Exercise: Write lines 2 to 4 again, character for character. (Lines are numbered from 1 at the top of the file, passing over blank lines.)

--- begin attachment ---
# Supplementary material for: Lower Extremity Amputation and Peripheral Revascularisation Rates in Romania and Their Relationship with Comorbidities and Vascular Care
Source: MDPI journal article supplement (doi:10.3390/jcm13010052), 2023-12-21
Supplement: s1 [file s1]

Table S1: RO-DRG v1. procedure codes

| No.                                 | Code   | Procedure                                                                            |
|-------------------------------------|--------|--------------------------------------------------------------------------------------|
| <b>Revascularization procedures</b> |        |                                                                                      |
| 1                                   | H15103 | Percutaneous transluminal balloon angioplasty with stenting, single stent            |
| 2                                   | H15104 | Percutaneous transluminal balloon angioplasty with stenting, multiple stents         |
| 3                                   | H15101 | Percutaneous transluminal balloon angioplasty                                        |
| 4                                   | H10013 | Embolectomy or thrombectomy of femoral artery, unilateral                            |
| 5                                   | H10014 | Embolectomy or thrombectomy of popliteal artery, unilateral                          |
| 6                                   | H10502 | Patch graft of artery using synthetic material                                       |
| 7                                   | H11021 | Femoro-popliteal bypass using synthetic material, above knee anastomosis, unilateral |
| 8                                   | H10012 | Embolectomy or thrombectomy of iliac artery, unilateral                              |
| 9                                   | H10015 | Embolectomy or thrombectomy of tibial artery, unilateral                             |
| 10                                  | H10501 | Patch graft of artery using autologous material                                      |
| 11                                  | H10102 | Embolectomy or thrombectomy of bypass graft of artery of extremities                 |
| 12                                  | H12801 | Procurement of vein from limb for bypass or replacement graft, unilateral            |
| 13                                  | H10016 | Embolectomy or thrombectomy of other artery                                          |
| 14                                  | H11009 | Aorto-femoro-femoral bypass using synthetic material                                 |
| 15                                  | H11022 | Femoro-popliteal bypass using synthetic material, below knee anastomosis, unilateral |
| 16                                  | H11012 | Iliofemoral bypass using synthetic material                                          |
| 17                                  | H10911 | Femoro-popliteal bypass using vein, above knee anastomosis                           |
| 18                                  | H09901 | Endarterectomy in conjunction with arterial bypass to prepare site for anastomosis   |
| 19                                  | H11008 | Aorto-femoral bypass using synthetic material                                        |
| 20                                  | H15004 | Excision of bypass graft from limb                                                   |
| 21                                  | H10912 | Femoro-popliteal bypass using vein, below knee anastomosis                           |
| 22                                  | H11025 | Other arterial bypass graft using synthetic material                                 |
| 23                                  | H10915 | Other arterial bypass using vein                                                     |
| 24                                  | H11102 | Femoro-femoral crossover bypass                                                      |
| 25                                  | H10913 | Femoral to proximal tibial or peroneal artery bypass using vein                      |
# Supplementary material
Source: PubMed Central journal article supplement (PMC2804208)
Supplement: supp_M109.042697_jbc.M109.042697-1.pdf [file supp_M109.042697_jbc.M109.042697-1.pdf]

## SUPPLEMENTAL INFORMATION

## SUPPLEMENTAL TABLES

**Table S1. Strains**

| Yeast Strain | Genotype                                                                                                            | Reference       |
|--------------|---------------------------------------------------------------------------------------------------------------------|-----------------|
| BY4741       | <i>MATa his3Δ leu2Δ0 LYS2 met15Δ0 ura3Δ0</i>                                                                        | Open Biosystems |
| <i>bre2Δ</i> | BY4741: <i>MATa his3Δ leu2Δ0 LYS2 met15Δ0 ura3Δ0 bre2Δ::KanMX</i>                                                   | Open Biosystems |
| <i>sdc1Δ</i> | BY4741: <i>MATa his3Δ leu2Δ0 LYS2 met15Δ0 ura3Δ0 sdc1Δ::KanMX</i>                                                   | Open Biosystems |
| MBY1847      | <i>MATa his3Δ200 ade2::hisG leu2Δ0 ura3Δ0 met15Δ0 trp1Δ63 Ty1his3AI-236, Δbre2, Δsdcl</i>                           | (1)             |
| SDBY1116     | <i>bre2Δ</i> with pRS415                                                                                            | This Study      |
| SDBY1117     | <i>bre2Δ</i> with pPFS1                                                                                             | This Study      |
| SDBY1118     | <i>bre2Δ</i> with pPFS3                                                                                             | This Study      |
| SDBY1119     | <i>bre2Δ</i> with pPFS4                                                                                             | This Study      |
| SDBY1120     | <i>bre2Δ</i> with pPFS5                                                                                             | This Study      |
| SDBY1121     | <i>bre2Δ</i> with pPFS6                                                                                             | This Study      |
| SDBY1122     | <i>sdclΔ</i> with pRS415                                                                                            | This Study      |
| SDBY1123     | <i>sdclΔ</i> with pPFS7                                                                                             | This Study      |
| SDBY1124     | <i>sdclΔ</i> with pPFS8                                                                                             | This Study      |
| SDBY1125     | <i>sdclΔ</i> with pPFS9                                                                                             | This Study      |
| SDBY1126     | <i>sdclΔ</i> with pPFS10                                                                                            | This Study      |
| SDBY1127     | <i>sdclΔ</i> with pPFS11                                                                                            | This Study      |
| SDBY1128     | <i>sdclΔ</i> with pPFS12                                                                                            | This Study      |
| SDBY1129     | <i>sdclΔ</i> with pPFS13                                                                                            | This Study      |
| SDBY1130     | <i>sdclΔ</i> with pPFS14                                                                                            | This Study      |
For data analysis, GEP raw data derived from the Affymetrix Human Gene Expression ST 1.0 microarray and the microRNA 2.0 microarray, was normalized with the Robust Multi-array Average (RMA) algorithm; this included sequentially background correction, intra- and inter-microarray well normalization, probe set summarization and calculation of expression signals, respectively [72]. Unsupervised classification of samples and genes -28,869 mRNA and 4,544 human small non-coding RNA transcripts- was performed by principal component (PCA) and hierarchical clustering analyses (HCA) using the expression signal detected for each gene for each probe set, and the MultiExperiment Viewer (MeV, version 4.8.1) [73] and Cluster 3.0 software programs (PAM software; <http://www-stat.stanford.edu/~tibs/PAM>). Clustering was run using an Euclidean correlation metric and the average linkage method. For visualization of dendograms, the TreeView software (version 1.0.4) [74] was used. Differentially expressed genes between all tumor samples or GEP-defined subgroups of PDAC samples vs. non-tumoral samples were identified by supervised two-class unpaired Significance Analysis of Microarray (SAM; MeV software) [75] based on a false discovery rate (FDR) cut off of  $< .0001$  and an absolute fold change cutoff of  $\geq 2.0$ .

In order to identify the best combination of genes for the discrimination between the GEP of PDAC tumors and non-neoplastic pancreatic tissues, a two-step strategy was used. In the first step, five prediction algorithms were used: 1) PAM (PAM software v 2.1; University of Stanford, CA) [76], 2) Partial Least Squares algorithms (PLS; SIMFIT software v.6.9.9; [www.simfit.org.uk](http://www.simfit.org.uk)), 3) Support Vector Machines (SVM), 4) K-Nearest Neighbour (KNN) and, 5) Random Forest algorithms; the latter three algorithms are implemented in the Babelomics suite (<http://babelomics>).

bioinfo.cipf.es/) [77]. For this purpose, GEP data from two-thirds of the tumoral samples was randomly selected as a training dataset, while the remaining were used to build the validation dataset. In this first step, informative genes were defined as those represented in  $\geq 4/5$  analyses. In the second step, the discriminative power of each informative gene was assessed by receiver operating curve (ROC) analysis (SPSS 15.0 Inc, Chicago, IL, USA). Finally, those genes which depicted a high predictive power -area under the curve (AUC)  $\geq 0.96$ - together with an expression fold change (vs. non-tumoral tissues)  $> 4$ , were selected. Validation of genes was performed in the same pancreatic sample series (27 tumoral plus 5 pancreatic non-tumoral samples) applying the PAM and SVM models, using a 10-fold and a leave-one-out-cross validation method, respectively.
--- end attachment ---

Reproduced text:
Source: MDPI journal article supplement (doi:10.3390/jcm13010052), 2023-12-21
Supplement: s1 [file s1]

Table S1: RO-DRG v1. procedure codes